Ask the Expert: Molecular Neurooncology

Question: Molecular Neurooncology: Why is it essential?

Human nervous system tumors, like all cancers, arise from aberration(s) in the molecular controls of normal cellular developmental and biological processes. In essence cancer is a genetic disease, the understanding of which is critical toward improving our capability to diagnose, prognose, develop and select specific biological targeted therapies. In conjunction with non-targeted surgical, radiation and chemotherapy, it is the hoped that rational biological therapies will improve the overall outcome of our patients. These molecular alterations that may arise at the level of DNA, RNA or the proteins themselves, are not singular but rather multiple in human nervous system tumors.

Large scale genomic studies such as The Cancer Genome Atlas (TCGA) and upcoming proteomic based studies have already elucidated that there is much heterogeneity in the molecular profile between nervous system tumors which are pathologically similar. This is even more pronounced between pediatric and their adult counterparts. To complicate further, there likely is regional and temporal heterogeneity as the tumors adapt to different micro-environmental conditions and therapeutic interventions.

The cell of origin of nervous system tumors has created much interest with the relatively recent Cancer Stem Cell (CSC) hypothesis. Previously, cancer was thought to arise from differentiated cells such as astrocytes, with accumulation of genetic alterations. In contrast, the CSC hypothesis stipulates that the cell of origin has stem cell properties of self-renewal and differentiation, which acquires transforming genetic alterations.

The CSC differs from differentiated tumor cells, which form the bulk of the solid tumor, in terms of preferred regions of residing around blood vessels and therapeutic sensitivity. Thereby CSC can serve as a nidus for recurrence. Ongoing debate remains as to which of these model systems of the cell of origin is prevalent in both pediatric and adult nervous system tumors. Likely the answer is a composite of both theories in keeping with the heterogeneity of transformed cells and their adaptability to the tumor microenvironment.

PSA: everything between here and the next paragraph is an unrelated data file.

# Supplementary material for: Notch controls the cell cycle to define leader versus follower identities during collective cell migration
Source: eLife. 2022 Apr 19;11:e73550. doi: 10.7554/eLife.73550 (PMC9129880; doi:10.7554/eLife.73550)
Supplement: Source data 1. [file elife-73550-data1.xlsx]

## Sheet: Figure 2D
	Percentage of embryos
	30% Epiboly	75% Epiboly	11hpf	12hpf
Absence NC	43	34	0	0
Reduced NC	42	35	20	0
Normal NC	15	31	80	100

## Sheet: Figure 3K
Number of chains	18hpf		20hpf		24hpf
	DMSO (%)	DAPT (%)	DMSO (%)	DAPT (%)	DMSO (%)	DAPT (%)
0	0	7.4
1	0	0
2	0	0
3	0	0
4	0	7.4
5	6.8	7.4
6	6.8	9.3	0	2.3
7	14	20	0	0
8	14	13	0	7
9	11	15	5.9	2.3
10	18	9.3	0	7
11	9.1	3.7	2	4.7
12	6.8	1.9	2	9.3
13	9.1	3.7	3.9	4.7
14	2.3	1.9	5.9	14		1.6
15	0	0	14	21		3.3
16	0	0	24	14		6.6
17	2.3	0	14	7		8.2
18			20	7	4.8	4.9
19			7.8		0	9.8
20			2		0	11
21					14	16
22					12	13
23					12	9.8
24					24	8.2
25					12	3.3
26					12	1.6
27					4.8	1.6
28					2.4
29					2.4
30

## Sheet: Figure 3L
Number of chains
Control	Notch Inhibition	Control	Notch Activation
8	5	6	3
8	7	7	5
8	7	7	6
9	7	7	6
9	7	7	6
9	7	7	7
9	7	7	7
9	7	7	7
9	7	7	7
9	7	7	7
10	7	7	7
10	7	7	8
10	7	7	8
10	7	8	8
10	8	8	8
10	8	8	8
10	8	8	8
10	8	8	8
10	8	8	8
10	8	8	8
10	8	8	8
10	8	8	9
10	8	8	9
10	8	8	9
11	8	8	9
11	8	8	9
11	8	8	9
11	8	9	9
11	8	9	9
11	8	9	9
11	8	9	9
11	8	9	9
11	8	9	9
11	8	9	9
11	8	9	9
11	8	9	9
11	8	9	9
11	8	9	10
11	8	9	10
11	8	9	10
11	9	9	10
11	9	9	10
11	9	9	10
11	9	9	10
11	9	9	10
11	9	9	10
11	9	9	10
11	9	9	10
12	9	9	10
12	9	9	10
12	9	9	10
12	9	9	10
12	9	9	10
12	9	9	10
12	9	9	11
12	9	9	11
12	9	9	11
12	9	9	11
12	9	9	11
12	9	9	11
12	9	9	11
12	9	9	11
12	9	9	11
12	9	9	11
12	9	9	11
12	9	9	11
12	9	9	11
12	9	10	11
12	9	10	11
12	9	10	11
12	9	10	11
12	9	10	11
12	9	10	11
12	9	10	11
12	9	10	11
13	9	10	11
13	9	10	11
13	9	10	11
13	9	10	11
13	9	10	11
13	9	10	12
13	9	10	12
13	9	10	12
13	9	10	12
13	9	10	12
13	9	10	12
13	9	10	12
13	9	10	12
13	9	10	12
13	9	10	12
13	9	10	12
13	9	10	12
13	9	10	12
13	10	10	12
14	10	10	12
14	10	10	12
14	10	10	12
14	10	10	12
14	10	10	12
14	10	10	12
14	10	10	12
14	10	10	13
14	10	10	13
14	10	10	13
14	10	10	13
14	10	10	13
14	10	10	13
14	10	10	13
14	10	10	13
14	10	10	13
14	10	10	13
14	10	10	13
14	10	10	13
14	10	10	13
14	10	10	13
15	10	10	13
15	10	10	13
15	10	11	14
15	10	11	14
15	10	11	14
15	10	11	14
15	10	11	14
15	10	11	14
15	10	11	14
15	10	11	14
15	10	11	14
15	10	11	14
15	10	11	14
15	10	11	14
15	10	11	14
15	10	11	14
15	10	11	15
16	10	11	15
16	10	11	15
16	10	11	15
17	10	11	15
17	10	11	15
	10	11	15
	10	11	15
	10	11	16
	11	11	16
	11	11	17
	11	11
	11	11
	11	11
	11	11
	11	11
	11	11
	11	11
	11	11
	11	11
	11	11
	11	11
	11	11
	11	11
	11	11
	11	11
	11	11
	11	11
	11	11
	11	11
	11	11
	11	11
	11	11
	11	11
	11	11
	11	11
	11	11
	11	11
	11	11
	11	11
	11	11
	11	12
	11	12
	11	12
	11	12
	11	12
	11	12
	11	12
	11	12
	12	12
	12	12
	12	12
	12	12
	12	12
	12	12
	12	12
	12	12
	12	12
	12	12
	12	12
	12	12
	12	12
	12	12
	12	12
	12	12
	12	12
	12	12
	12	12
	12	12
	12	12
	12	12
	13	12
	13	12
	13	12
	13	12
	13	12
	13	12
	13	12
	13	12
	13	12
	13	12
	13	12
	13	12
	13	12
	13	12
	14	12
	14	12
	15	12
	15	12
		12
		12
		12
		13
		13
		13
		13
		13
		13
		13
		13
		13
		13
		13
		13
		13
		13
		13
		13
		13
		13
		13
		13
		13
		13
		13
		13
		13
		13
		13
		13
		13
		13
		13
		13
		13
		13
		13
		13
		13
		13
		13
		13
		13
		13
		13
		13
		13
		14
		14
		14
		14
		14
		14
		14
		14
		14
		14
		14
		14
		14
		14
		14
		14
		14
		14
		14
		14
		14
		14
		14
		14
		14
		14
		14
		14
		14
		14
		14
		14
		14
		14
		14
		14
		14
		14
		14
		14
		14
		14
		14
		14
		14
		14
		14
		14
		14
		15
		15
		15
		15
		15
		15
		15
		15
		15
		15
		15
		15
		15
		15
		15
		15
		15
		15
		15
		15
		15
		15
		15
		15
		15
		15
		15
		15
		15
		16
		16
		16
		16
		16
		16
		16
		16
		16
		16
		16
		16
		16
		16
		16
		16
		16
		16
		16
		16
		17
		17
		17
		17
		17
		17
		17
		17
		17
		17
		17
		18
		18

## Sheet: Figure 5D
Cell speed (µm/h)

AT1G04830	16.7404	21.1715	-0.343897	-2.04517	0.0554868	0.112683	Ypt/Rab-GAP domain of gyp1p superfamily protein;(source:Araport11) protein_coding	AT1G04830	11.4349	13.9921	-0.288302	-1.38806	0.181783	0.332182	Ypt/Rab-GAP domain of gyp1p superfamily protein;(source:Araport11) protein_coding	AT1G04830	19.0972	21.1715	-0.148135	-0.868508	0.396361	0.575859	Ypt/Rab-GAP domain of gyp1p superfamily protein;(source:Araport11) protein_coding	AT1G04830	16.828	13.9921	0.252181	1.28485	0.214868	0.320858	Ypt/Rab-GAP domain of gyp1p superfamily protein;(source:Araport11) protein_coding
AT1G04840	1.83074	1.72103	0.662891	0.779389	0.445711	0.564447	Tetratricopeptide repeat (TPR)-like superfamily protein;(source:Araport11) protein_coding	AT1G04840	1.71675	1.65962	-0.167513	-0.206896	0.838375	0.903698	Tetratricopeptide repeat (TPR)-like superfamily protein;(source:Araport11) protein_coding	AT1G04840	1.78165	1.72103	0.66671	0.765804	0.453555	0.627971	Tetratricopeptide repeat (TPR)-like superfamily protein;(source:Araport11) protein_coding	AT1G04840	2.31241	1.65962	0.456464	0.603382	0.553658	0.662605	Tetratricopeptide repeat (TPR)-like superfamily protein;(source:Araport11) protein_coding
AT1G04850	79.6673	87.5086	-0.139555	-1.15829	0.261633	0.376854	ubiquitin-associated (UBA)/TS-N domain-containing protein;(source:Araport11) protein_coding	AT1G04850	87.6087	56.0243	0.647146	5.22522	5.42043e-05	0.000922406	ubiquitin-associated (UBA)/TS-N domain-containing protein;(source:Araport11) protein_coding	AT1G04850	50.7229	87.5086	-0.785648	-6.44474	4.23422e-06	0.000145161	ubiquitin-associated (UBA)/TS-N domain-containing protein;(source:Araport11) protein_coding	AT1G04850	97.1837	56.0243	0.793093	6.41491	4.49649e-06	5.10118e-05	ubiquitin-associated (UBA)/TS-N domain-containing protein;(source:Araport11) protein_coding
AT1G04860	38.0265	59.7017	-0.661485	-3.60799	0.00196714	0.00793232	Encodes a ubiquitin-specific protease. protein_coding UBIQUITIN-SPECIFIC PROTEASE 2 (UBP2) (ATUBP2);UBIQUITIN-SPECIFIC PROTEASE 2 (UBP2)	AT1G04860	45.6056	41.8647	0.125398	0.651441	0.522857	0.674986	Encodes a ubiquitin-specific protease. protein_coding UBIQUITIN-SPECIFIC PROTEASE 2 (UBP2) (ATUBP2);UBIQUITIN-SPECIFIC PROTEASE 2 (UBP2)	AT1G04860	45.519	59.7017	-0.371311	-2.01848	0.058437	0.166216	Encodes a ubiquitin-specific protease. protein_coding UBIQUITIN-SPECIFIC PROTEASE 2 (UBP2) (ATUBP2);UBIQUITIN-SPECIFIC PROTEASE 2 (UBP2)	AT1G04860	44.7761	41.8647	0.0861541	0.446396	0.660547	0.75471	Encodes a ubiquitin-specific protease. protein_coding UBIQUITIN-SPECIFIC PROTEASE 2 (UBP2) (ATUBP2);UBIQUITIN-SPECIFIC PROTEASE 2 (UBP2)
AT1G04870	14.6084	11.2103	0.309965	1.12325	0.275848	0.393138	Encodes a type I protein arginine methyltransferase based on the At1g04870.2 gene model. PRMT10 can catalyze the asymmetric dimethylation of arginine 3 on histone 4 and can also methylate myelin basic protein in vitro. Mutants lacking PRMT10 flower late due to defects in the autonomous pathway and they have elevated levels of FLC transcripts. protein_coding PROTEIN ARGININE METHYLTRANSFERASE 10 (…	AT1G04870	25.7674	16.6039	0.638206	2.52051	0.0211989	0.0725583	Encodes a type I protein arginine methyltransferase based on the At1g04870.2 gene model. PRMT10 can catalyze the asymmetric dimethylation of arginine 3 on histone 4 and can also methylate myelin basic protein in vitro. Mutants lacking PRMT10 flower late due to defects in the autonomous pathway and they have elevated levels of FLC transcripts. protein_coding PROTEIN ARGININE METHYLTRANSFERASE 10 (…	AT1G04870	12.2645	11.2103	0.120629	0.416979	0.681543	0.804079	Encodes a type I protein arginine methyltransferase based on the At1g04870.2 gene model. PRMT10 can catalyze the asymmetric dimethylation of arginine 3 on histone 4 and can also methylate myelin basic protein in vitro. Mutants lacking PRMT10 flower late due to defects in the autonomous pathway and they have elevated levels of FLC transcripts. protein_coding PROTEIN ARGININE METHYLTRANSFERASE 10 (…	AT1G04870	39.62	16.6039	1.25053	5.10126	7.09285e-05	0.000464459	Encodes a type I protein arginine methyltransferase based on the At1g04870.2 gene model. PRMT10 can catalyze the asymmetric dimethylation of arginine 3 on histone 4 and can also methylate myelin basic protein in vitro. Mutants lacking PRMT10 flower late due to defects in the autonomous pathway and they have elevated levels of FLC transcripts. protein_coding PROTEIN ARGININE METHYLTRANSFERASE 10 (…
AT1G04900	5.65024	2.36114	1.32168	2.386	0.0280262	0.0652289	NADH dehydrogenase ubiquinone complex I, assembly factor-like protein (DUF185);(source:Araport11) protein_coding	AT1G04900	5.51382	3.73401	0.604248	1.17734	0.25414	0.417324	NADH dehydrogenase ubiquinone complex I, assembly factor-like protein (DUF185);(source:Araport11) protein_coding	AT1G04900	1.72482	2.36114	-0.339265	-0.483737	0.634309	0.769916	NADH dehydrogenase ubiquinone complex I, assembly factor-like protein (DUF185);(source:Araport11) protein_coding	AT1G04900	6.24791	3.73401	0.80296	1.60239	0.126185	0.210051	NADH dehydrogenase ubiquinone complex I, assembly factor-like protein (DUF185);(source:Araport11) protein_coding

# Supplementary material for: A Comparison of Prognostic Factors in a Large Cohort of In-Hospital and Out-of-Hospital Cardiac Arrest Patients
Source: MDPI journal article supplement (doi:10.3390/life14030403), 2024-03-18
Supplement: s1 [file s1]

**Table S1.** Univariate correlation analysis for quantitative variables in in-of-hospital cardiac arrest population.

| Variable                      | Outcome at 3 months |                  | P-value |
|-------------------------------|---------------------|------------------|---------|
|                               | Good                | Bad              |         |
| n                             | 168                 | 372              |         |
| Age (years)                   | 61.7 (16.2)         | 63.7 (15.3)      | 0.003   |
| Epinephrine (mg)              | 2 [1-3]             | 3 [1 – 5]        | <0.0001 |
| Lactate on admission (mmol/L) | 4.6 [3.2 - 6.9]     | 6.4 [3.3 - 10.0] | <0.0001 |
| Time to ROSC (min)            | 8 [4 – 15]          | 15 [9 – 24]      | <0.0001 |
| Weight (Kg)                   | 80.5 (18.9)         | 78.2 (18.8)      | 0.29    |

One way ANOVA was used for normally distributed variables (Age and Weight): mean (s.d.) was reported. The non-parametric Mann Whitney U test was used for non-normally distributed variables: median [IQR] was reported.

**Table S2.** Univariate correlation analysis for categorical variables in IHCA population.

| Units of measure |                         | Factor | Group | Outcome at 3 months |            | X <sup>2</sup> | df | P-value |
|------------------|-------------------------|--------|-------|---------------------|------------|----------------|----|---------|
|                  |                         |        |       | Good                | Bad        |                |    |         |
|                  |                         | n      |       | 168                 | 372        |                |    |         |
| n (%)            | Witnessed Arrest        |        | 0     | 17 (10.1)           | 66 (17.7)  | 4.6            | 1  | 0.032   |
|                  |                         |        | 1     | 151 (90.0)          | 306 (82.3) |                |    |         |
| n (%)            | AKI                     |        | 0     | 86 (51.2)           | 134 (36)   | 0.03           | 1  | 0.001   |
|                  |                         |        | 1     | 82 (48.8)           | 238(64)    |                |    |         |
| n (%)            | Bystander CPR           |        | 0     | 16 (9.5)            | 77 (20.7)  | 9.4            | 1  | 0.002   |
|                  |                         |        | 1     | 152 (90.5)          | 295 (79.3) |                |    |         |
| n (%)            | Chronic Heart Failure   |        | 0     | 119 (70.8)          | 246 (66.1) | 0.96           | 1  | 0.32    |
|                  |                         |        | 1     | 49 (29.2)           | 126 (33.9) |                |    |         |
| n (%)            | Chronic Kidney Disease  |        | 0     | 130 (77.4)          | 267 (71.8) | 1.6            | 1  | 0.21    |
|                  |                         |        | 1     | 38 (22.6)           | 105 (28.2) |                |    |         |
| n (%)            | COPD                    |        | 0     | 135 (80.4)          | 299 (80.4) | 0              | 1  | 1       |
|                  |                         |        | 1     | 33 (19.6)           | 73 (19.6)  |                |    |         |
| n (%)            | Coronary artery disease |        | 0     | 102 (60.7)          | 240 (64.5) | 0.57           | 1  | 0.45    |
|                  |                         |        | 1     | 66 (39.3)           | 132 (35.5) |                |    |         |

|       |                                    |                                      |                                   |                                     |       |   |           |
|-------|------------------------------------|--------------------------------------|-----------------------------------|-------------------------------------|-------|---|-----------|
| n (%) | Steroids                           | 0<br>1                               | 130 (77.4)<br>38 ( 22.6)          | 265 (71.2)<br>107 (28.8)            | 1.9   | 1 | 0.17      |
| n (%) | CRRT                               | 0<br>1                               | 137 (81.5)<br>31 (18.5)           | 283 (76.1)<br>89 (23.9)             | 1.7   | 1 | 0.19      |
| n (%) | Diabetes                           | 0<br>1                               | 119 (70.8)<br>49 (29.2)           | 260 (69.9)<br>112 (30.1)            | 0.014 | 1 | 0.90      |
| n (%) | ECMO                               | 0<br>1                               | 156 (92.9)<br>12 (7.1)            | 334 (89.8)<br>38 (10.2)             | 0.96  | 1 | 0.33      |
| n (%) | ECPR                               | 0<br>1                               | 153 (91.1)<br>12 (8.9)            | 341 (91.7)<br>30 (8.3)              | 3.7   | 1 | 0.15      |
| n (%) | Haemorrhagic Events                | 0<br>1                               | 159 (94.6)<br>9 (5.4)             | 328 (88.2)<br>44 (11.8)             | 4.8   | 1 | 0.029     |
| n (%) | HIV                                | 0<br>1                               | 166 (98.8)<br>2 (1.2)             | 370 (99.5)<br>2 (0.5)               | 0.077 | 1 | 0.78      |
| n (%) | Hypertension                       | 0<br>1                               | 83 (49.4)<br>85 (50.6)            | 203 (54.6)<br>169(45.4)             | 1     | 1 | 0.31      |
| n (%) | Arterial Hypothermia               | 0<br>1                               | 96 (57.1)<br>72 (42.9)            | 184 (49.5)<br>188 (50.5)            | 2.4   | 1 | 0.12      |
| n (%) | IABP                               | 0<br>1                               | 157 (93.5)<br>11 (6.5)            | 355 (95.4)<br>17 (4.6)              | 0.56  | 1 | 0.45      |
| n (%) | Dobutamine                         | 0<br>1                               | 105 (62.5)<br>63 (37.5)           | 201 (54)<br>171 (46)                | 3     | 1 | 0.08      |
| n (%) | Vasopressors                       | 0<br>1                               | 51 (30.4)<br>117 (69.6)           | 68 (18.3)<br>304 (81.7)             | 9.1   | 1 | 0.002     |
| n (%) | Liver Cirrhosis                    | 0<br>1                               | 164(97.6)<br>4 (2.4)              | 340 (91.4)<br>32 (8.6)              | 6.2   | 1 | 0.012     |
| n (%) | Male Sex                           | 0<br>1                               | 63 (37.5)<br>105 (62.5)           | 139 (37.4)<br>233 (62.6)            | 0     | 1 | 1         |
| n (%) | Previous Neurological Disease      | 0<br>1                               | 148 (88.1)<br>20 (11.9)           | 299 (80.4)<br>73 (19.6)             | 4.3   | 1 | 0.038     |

Some of the molecular alterations are germline, either inherited or acquired de-novo, and found in every cell of the body. These inherited syndromes underlie only a small percentage of human nervous system tumors, being more prevalent in pediatric tumors. The molecular understanding of these well defined group of patients, as part of cancer pre-disposition syndromes is important. Often the key molecular alterations in these syndromes are similar to their more common sporadically occurring counterparts. Furthermore, they form the basis of developing model systems such as transgenic mice, to enhance our understanding of the large number of genetic alterations that are being deciphered in sporadic human nervous system tumors and also to provide platforms for therapeutic interventional studies.

In summary, it is essential to understand the molecular biology of nervous system tumors. It is not due to one genetic alteration, but a large number which also evolves as does the tumor. There is already large molecular data sets for adult malignant gliomas and pediatric medulloblastomas, with other nervous system tumors pending. However, what remains the challenge is to determine what are the key molecular alterations and their interactions which “drive” the origin or progression of the tumors vs. those alterations which are secondary and “passengers”. These require experimental paradigms using in vitro and in vitro model systems.
 

 You can download this information as a Brain Tumour Foundation of Canada Information Sheet.
Thank you to Dr. Abhijit Guha, Professor and Senior Scientist at the Hospital for Sick Children (SickKids) in Toronto, Ontario for generously offering his time to provide this interesting information . Dr. Guha also volunteers as a member of Brain Tumour Foundation of Canada’s Professional Advisory Group.

Return to Information Sheets here.

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